When cancer treatment ends, many survivors aren’t clear about who will provide their care going forward and wind up feeling a bit lost as they try to navigate their way back to their normal lives. In 2006, the Institute of Medicine published a report titled, “From Cancer Patient to Cancer Survivor: Lost in Transition.” It recommended that all survivors – in conjunction with primary care providers – receive a “survivor care plan” as they leave active treatment. It recommended that each survivor receive information about their diagnosis and treatment, recommended follow-ups, preventive practices, legal protections, and availability of psychosocial services.
In the United States, The American College of Surgeon’s Commission on Cancer intends to mandate that all accredited institutions provide care plans to survivors by 2015. A number of organizations provide access to online care plan templates, so survivors can fill out the details of their diagnosis and treatment and receive a printout of recommendations. For example, LIVESTRONG™ has a web-based tool allowing survivors to generate care plans. The American Society of Clinical Oncology’s (ASCO) care plan templates integrate their recommendations to guide care. Journey Forward’s templates tailor educational materials and resources to the survivor. Our group at CancerBridges reviewed these templates and found that, while they had some great information for survivors, they are oriented to the American health system.
In Canada, although we have no similar mandate and no easily accessible web-based templates, most provinces are beginning to facilitate some form of cancer survivor care plans. In Alberta, CancerBridges was fortunate to receive money through the Canadian Partnership Against Cancer to create and deliver care plans to a pilot group of breast and head-and-neck survivors. Based on the success of the pilot, we’ve proposed to extend the delivery of care plans to all survivors across the province. (See “Good Planning,”)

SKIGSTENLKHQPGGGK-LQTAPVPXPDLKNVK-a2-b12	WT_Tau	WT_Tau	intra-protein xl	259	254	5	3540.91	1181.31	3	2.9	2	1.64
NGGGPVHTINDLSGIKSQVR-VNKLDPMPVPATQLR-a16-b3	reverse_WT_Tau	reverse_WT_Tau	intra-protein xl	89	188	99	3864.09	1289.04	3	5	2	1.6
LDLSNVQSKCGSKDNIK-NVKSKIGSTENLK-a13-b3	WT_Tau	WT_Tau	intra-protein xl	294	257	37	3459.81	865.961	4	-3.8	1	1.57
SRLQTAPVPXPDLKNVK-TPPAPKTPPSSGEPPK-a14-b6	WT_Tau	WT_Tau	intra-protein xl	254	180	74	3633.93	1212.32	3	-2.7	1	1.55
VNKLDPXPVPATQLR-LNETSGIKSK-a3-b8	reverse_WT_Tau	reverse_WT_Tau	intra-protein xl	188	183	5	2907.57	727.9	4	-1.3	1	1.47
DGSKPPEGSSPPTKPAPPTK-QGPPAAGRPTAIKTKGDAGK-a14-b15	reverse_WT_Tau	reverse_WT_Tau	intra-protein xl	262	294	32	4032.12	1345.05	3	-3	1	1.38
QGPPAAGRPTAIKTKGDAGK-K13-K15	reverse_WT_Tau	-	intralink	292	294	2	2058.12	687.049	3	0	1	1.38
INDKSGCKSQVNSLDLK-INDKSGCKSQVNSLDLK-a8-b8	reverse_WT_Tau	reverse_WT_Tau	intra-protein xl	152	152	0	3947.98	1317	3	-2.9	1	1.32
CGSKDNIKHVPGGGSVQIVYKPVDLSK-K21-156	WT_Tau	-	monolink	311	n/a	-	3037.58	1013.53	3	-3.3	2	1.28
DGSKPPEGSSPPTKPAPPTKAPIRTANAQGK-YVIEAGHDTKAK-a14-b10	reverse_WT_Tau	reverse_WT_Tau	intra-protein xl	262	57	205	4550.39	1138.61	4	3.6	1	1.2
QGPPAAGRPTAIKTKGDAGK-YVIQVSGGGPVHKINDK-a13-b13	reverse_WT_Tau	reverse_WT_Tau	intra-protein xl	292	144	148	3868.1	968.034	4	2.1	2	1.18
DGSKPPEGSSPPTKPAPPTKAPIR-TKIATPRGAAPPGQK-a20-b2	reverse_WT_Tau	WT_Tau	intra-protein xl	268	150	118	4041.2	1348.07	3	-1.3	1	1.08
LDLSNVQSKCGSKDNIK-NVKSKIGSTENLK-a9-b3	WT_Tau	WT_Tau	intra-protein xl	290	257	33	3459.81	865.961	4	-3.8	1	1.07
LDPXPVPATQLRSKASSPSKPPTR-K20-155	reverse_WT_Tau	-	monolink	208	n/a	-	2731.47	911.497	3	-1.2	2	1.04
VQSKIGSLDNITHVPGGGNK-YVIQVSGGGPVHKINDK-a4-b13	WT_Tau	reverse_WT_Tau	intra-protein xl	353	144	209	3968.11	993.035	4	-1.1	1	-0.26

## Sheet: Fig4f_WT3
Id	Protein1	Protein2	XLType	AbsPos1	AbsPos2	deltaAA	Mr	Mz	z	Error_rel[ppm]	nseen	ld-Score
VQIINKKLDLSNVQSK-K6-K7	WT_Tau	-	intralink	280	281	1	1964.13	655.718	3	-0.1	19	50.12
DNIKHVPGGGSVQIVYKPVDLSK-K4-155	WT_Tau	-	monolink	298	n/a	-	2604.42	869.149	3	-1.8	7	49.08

These individualized care plans would be printed and handed to survivors, faxed to the family physician, and scanned into the oncology record so that each of these people, important in the care of the survivor, is on the same page at the end of active treatment.
Research demonstrates that longer survival, higher quality of life, and faster return to work are possible for cancer survivors who adhere to treatment and follow-up, commit to lifestyle changes such as an active lifestyle, healthy eating and stress reduction, receive psychosocial support, and reduce their depression levels and symptom burden.
At CancerBridges we are advocating for survivor care plans and consistent messages to survivors during and following active treatment. We hope to improve communication with care plans and to address these changes in recommended programs during this critical post-treatment phase.
In Alberta, we included templates in our care plan for breast and head-and-neck cancer survivors. We found several items that we considered to be crucial to the document.
- Diagnosis and treatment
- A brief medical history including chronic diseases and allergies
- A list of current prescribed and over-the-counter medications, vitamins, and other therapies
- Guidelines for survivors’ follow-up care, a list of next follow-up appointments and who will provide surveillance within the health system,
- List of the survivors’ family physician, surgeon, medical and radiation oncologist, nurses, social workers, psychologists, dieticians, and others, along with their locations and phone numbers
- Signs of possible recurrence and cancer spread
- Management of physical and psychosocial treatment-related side effects
- A list of the survivors’ side effects and treatment plan
- An interactive section on coping and adjustment that allows survivors to indicate their levels of distress so nurses could refer them appropriately
- Interactive section on managing health after treatment allowing survivors to prioritize goals and action plans for physical activity, diet, weight, alcohol, and smoking
- Interactive section on managing the transition: goals, and action plans for relationships and support, intimacy and sexuality, spirituality, finances, employment, and retirement
- A section to highlight other strengths and needs